There is a documented history of ancient Egyptians creating fake body parts to augment bodies headed for burial, but a new study suggests that two artificial toes recovered from tombs there may in fact be the oldest known prosthetic body parts.
Nipping at the heels of yesterday's story about the software that automatically writes news articles comes another technological innovation changing the shape of journalism: software that reads news articles.
After nearly a weeklong Internet blackout in Egypt amid anti-government protests, the Egyptian Web is back online this morning. Web monitoring firm Renesys reported via blog post that at about 11:29 a.m. Cairo time (4:29 a.m. EST) Egyptian ISPs returned to service, a report that has since been echoed by several othersources.
Add “shutting down the Internet” to batons and tear gas as the protest-silencing methods of the modern era. In response to protests simmering throughout Egypt this week, with calls for the president to resign and outcries over the jailing of political dissidents, the government shut off the Internet Friday.
Egyptologists are hoping some 21st-century tech will help them unlock secrets from 4,500 years ago. They're using a robot to explore the Great Pyramid of Giza.
The robot will traverse two unexplored shafts leading from the Queen's Chamber in the pyramid. Nobody knows where the shafts, which were discovered in 1872, lead.
The first Arabic Internet addresses went live this week, in the first major change to the domain name system since its creation. Domain names in Arabic were added for Egypt, Saudi Arabia and the United Arab Emirates, following final approval by the Internet Corporation for Assigned Names and Numbers (ICANN).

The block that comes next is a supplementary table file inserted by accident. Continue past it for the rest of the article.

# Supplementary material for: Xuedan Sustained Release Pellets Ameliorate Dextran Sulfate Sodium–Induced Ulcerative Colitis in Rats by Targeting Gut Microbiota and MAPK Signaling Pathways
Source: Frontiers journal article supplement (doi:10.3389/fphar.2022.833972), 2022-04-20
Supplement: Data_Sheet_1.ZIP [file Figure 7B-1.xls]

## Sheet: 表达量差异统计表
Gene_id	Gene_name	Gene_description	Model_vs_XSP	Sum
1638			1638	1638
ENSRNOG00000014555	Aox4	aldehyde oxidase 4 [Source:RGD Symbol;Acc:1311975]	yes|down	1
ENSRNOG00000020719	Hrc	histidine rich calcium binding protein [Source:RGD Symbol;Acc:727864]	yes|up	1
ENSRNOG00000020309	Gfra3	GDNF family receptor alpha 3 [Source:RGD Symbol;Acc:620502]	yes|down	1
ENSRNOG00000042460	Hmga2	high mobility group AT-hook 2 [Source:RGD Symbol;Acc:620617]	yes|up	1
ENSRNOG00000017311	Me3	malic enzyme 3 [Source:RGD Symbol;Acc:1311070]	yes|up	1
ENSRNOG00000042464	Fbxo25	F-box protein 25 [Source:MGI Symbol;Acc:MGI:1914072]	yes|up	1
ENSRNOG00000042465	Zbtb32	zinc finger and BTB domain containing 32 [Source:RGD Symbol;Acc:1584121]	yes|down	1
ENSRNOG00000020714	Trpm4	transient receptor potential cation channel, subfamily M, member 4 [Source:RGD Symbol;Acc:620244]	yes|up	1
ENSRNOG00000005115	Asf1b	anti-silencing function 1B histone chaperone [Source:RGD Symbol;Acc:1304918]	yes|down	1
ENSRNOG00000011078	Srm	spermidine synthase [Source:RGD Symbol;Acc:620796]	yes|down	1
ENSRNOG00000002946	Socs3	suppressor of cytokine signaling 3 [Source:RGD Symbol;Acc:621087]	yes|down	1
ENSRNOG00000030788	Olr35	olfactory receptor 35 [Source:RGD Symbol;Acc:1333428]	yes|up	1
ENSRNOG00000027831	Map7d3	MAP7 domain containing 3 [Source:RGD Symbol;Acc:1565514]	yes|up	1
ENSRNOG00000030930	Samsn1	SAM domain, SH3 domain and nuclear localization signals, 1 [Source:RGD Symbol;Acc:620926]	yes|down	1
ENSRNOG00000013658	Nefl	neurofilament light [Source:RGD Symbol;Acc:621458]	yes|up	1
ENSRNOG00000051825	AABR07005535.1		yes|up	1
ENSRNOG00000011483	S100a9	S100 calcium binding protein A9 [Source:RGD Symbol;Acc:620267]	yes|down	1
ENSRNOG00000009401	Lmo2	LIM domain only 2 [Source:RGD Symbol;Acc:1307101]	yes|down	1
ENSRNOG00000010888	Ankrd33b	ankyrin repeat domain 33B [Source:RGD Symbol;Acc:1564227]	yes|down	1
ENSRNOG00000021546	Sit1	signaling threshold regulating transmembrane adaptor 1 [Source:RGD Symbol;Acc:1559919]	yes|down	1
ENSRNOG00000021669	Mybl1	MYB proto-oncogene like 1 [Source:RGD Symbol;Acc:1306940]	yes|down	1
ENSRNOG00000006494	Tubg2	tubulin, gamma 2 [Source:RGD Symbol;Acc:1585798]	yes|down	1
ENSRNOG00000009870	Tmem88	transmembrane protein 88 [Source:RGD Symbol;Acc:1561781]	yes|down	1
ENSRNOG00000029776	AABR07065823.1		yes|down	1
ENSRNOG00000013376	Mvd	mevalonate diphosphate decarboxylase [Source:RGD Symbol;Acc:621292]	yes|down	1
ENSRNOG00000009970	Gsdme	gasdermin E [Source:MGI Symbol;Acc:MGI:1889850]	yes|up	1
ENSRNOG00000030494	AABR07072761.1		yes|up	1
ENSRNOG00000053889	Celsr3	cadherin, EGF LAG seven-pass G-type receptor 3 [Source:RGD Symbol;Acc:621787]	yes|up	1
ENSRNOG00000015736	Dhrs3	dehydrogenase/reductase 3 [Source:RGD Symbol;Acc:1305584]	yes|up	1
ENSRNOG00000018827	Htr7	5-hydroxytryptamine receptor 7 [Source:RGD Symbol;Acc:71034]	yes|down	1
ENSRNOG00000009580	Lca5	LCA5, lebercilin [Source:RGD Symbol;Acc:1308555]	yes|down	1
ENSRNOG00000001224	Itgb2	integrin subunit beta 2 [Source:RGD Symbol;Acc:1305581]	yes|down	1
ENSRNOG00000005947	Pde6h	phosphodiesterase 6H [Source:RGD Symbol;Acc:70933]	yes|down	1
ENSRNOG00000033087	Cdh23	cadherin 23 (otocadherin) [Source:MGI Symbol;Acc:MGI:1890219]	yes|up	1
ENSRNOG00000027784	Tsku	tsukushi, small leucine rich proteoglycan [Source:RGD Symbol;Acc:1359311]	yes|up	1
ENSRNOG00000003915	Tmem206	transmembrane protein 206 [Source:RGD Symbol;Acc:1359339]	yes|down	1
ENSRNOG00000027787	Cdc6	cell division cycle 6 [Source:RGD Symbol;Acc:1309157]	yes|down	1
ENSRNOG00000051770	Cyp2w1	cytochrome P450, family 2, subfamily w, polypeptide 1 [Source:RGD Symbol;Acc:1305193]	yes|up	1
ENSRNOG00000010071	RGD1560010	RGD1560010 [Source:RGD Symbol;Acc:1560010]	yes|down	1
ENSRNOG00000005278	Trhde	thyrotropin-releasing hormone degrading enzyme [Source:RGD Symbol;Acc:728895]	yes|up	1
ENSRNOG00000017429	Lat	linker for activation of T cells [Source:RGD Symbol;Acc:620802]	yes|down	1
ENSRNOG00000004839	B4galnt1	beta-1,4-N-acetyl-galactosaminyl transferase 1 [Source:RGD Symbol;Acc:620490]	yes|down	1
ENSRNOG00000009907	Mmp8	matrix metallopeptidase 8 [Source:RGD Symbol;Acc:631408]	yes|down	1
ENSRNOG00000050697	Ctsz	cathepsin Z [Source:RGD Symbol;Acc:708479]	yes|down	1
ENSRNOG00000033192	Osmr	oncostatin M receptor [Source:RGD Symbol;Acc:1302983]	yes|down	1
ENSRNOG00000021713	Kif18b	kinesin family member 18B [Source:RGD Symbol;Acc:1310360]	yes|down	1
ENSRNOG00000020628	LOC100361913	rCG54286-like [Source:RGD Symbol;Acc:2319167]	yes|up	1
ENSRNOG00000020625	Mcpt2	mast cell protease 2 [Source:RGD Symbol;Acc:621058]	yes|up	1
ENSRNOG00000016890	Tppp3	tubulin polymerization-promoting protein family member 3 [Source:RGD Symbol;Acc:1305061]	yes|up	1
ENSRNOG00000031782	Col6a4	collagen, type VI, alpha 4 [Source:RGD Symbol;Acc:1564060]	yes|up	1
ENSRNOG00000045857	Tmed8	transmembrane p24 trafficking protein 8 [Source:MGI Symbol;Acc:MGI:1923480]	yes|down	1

Visit Egypt's Ministry of Communications and Technology here:
An archaeologist who examined remnants of the oldest-known seafaring ships has now put ancient Egyptian technology to the test. She teamed up with a naval architect, modern shipwrights and an on-site Egyptian archaeologist to build a replica 3,800-year-old ship for a Red Sea trial run this past December.
The voyage was meant to retrace an ancient voyage that the female pharaoh Hatsheput sponsored to a place which ancient Egyptians called God's land, or Punt. Ship planks and oar blades discovered in 2006 at the caves of Wadi Gawasis provided a basis for the ship reconstruction.
The GeoEye satellite continues its stunning photo series
By Bjorn CareyPosted 02.09.2009 at 3:55 pm 3 Comments
Here are a couple more from our favorite eye in the sky.
Both half-meter resolution images were snapped from space by the GeoEye-1 satellite, which also took those fantastic pics of the National Mall on Inauguration Day.